At the origin of the illicit reproduction of a very rare aureus dated mid Iis century BC. BC, two men were tried before the criminal court.
Justice gave them back their coins. Two men aged 66 and 48 were tried on Thursday January 6 for counterfeiting and complicity in counterfeiting at the Caen Criminal Court. The object of their offense did not concern cigarette cartons or imitation leather goods, but antique coins. Three Roman gold coins, to be precise. Numismatic curiosities far from constituting a large and abundant treasure, like what archaeologists sometimes discover. Except that the monetary type reproduced, extremely rare, was valued at 200,000 euros per unit during an expertise carried out three years ago by a specialist from the University of Caen.
“He wanted to turn gold into silver!”, thus mocked during his indictment the prosecutor in charge of the case, according to the site actu.fr. The two men judged in Caen had indeed enough to boil many numismatists with lust. Their coins were beautiful reproductions of a aureus – a Roman gold coin – engraved with the effigy of Quintus Labienus. The Roman was a general of the Iis century BC. J.-C. and the son of Titus Labienus, right arm of Julius Caesar during the Gallic Wars.
Coins of extreme rarity
As one of the last Republicans, he had led in 40 BC. J.-C. an unfortunate campaign, from Parthia (part of present-day Iraq and Iran), against Roman Syria then governed by Mark Anthony. The coins with the effigy of the general – decked out with the nickname Parthicus – were thus all issued during this expedition, either from one of the occupied cities, such as Antioch or Apamea, or from itinerant workshops. In minute quantities, golden and denarii (silver coins) of Quintus Labienus are all adorned – on the reverse – with a harnessed horse in the Parthian style. These coins are among the finest pieces in the collections that they honor with their presence, as in the British Museum.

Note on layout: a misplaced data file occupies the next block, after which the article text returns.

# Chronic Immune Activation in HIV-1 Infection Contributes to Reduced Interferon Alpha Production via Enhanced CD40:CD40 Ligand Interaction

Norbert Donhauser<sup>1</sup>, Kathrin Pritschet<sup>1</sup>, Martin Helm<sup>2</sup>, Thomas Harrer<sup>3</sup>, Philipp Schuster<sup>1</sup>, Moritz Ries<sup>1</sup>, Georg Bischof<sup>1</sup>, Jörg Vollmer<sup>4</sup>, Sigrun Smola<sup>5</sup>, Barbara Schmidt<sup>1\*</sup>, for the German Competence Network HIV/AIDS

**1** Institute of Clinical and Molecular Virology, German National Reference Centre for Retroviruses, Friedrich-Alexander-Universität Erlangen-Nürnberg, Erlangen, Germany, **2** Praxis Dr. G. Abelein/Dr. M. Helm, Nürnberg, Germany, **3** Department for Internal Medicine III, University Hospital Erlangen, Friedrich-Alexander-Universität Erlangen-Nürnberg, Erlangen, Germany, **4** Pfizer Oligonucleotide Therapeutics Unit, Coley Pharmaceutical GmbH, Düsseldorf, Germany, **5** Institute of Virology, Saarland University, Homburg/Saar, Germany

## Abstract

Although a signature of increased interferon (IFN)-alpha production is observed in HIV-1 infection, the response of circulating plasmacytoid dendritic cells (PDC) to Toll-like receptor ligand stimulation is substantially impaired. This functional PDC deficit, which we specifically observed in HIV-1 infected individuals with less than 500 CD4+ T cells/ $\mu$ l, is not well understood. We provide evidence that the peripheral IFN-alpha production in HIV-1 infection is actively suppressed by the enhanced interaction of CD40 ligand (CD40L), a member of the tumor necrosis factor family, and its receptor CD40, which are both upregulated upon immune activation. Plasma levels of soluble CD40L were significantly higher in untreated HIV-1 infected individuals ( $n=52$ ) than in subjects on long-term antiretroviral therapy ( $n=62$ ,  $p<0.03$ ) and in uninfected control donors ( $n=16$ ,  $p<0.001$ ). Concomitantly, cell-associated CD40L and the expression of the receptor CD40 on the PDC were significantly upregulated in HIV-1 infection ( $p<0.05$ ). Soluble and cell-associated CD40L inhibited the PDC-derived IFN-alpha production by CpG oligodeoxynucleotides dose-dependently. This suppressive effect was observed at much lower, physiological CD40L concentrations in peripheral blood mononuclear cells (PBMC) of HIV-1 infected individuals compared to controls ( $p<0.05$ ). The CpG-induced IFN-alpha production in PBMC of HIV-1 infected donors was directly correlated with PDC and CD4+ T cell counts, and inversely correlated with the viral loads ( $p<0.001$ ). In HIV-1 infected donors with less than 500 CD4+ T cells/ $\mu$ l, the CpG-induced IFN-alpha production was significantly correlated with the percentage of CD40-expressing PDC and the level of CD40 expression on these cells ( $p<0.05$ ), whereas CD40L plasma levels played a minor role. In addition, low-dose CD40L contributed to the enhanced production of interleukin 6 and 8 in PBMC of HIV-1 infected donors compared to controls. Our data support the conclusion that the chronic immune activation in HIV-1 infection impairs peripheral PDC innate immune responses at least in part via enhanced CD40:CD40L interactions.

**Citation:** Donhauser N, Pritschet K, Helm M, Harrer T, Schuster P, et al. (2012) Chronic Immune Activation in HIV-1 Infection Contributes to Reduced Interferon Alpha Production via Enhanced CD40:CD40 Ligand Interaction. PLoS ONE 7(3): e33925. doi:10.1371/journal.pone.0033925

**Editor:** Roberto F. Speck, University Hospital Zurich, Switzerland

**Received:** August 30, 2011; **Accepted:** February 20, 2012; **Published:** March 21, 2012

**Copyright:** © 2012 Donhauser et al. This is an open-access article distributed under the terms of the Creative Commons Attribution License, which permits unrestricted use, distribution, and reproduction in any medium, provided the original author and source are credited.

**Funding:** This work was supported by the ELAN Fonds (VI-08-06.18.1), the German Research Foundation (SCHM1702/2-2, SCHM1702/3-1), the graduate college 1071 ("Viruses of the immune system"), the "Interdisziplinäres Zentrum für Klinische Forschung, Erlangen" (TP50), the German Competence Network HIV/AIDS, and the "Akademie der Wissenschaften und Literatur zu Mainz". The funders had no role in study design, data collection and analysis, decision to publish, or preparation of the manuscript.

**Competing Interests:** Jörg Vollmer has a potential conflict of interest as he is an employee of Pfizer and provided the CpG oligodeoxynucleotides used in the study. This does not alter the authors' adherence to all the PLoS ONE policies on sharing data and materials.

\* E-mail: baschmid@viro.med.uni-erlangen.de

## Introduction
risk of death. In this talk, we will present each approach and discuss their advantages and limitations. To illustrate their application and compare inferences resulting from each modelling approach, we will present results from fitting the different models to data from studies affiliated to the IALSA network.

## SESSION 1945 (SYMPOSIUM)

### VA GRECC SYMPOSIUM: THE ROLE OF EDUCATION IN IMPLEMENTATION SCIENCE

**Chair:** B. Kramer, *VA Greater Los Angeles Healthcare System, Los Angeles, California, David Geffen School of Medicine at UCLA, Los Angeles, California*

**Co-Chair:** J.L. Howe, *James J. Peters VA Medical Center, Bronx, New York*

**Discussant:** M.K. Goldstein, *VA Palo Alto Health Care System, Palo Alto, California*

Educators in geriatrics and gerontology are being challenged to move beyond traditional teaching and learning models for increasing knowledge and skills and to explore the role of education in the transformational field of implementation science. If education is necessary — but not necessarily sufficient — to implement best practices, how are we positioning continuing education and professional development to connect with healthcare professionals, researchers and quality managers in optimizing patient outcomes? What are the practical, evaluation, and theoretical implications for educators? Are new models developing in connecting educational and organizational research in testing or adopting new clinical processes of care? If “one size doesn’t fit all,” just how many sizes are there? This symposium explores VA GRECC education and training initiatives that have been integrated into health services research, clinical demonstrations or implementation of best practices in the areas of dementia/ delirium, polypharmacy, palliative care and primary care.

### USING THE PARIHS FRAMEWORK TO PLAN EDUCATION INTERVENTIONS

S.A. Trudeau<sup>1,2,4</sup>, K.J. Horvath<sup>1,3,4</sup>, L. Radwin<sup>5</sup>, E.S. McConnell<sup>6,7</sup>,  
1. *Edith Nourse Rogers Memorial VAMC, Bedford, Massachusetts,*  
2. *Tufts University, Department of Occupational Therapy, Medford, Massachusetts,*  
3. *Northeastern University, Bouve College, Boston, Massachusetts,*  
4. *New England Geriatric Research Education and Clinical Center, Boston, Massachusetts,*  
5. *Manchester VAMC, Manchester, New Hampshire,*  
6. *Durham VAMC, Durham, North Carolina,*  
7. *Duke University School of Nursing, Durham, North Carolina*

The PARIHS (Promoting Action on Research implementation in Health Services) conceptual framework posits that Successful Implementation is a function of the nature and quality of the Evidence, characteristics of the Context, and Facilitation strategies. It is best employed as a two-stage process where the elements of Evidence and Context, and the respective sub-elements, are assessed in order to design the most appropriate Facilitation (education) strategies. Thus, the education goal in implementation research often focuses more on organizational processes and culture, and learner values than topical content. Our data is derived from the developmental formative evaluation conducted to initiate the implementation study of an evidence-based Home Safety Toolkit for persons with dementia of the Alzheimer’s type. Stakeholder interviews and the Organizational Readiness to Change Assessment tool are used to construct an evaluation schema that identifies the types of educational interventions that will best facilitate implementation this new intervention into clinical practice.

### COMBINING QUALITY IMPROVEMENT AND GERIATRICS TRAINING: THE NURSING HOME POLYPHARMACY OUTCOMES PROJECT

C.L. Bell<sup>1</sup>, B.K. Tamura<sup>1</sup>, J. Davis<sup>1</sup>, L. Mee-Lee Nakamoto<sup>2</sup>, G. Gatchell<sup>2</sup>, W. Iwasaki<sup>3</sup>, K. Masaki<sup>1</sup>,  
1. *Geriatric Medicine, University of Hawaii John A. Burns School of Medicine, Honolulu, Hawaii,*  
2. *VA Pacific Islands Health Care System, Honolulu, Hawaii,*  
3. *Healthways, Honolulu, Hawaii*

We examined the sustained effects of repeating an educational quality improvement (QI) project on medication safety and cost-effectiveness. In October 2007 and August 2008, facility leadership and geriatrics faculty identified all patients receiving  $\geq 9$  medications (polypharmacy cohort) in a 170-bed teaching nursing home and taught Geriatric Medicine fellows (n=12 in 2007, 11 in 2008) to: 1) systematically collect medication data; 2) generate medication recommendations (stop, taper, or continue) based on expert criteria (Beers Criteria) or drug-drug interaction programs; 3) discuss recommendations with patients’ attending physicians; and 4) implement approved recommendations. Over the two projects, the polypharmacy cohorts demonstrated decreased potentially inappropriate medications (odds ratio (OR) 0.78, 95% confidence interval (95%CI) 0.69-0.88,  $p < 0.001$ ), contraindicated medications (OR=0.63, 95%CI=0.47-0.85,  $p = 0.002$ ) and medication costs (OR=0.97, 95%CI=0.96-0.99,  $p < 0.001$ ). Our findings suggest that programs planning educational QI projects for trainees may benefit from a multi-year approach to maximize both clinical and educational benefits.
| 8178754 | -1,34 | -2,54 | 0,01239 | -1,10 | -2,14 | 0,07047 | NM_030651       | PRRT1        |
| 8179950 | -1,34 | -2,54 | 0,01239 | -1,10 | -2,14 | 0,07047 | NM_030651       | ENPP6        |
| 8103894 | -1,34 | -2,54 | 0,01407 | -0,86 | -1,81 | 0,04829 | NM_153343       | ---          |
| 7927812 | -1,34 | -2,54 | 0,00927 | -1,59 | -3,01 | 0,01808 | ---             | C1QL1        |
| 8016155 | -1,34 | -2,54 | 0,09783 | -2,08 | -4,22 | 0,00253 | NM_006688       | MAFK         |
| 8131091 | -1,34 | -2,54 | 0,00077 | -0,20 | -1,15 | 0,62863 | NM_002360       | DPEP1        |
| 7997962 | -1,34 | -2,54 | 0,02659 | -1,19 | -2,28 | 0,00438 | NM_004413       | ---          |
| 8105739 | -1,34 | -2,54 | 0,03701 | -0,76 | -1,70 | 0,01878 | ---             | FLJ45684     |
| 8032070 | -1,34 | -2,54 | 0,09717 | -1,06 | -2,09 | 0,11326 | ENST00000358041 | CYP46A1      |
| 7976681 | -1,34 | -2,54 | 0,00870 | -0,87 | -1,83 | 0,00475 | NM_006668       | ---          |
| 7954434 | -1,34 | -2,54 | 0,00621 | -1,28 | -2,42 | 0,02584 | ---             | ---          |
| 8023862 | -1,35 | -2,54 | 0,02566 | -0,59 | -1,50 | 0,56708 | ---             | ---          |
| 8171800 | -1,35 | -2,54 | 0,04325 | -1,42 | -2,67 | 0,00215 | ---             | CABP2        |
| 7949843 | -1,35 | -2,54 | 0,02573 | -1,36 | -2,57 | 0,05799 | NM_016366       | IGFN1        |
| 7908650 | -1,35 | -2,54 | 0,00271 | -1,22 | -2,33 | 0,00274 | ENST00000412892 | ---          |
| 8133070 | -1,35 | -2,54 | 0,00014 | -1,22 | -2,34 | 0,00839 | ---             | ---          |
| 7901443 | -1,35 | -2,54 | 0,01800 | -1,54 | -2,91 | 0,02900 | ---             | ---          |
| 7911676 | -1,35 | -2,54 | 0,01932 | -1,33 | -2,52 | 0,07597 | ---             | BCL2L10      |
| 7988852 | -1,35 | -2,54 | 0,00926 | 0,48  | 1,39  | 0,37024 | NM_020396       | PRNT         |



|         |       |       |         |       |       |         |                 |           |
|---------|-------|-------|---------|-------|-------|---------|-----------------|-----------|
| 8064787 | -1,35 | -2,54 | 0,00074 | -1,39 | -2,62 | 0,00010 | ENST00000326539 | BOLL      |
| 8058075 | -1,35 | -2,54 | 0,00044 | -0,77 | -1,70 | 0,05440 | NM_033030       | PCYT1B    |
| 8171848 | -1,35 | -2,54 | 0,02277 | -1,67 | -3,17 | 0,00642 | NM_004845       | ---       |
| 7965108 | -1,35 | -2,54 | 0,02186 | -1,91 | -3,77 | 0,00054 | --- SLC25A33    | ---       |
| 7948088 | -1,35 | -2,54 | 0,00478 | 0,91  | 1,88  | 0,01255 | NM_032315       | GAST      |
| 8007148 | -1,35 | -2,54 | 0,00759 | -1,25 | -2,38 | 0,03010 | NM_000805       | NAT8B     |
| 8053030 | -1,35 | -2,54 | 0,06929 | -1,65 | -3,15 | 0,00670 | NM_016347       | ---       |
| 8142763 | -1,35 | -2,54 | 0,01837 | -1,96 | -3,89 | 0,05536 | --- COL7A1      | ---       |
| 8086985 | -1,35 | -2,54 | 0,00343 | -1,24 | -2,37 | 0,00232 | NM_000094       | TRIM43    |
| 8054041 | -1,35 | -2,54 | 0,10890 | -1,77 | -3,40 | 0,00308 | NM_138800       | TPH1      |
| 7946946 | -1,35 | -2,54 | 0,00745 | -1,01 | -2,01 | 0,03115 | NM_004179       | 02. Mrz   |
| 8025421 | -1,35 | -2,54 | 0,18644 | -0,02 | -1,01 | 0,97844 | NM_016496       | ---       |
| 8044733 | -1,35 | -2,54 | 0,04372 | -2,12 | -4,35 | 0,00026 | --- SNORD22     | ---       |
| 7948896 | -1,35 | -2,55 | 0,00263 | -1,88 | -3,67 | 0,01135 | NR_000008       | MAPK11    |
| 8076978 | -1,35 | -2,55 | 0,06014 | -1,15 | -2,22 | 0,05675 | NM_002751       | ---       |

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The appearance in Caen of such coins, in circumstances deemed dubious, led to the opening of an investigation at the end of 2019, after an anonymous denunciation. During the hearing, the 66-year-old man behind the copies stated that he had not sold any of the pieces in question, simply suggesting a “hobby”. “I had no particular project, it was experiments, I wanted to know how far we could go”, did he declare. In 2019, during the expertise, the individual claimed to have acquired the object in Côte d’Ivoire, where he lives. The second man, an engraver from Bouches-du-Rhône, had been given the task of reproducing, with his equipment, the coins according to a photographic model. He pleaded that he did not know what his client intended to do with these ancient coins. “I work with museums for reconstructions, with collectors, he defended himself at the beginning of the month. I am a breeder so I breed.”
Released for forgery, the 66-year-old man was found guilty of fraud. He received a 12-month suspended prison sentence as well as a 5-year eligibility ban. The matrices of the 48-year-old engraver, also released from the charge of counterfeiting, were confiscated.